Similar records are being set all over the east. And it hasn't just been a couple days of warm weather; it's been weeks. Record high temperatures have been set by the thousands during December so far, and the month isn't over yet. The average December temperature in New York City may reach
14 degrees above average by the end of the month, breaking the previous record, set in 1932, by a couple of degrees.
And it's not just the heat, it's the humidity. The warm air is being delivered by southerly winds coming straight from the tropics, and they carry the tropical moisture with them also. The specific humidity -- the total amount of water vapor in the air - is breaking records
just like the temperature is. The warmth and mugginess are off the charts, separately and together.
Because it's December, this is just a curiosity, a story about weird weather. If these deviations from average were to happen in the summer, though, and they were to last as long as they have over as widespread an area as they have, it would be a heat wave big enough to cause a major national disaster. There would be many deaths, and most likely blackouts and other infrastructure failures.
Sooner or later, that will happen. So it's worth understanding what is going on. What is causing this extreme weather event?
No weather event has a unique cause. Every weather event, this one included, has multiple factors that conspire to make it what it is.
The atmosphere is always twisting and turning around, chaotically, with a mind of its own. Any truly extreme event results in large part from that effectively random behavior. For that reason, the specifics of individual extreme events are not predictable far ahead of time -- weather forecasting, which is the science of predicting this chaotic component, generally doesn't work for periods beyond a couple of weeks.
But the climate sets the stage, pushing things in one direction or another and influencing the odds that an extreme event of a given type will occur.
By making the whole planet warmer, human emissions of greenhouse gases increase the odds of a warm event like this one -- or its more dangerous hypothetical summer counterpart. If we define the event by specifying a fixed threshold -- some number of degrees above average for some number of days, say -- the global warming that we've already had makes that threshold more likely to be crossed.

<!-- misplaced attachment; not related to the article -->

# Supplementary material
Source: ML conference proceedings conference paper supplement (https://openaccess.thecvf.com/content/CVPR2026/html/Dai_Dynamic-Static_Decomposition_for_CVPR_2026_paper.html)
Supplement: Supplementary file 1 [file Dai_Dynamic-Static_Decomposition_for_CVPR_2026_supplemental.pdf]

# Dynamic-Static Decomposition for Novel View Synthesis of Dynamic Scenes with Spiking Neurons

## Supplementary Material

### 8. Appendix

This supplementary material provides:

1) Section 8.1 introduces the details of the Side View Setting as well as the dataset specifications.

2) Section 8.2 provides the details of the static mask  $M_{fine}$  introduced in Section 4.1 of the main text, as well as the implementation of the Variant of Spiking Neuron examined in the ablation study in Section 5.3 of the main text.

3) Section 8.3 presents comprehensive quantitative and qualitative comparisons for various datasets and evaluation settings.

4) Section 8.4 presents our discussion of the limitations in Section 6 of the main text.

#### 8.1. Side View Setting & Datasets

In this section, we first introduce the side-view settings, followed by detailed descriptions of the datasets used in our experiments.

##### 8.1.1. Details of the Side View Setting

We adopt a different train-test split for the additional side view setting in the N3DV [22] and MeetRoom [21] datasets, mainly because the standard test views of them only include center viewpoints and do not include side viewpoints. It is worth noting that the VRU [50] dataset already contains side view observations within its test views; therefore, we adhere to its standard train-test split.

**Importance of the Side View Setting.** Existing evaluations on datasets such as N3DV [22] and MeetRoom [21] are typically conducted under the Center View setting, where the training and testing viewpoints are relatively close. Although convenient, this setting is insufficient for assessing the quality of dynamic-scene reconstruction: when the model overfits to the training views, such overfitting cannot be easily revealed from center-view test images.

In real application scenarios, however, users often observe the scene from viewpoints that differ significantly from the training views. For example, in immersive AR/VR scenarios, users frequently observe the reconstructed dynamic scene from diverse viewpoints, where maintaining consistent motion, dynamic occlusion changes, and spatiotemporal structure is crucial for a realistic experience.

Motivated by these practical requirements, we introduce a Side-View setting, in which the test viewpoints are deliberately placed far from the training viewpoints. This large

Or we can look at it another way: If the specific weather situation -- the configuration of the high and low pressure systems, the jet stream, and so forth -- were to have been in the the same state 200 years ago as today, it would have still been warm, but it wouldn't have been quite as warm as today.
Besides human influence, the climate also fluctuates naturally. The most important natural fluctuation this winter is El Niño, a change in the state of both the ocean and the atmosphere in the tropical Pacific that comes every few years or so. The coming and going of El Nino events happens on a pace much faster than that of human-induced climate change, but still much slower and steadier than the day-to-day weather, so it makes sense to think of it as another factor gently nudging the weather in one direction.
In addition to human-induced climate change, the big El Niño
currently in place is very likely a significant factor in the present eastern warmth, because of the way it pushes the jet stream around. That's why a warm December was predicted well ahead of time (though not to the extreme that has happened); we knew through the fall that the El Niño would still be in place now, and what its effects on the U.S. tend to be.
El Niño doesn't drive the bus by itself any more than global warming does. There's still a lot of wiggle room for the atmosphere to do its own thing. That's very apparent in the Pacific Northwest, where I am now. Normally an El Niño makes it dry here, but instead it's been the rainiest December
in history. So the atmosphere's own variability must be important as well. Each of these factors is present, and likely playing some role in the specific event we see transpiring now.
But just saying that every possible cause matters to an extreme weather event isn't very satisfying. Which cause matters the most, by how much and in what sense? Can we measure these various influences on the weather with numbers?
In principle, we can. There is now a growing scientific research area that attempts to do this called "extreme event attribution." Attribution studies try to quantify the influence of specific causes (including, but not limited to human-induced climate change) on some individual weather events, rather than just the larger patterns that climate science has historically been about. The National Academy of Sciences is currently performing a study
on this relatively new and rapidly evolving field. (Full disclosure: I'm on the committee that is performing the study.)
This warm event is still ongoing, so attribution studies haven't been done on it yet. But they will come. The science is reaching the point where we can make real scientific statements about the factors influencing individual weather events like this one, with numbers and statistical confidence intervals and multiple lines of evidence.
So is the current eastern warmth due to human-induced climate change? How about the massive El Niño event that is currently underway in the tropical Pacific? Or is it just an extreme random fluctuation of the weather?
Detailed answers have to await the research to be done. But the basic, general answer, glib but likely true, is: Yes.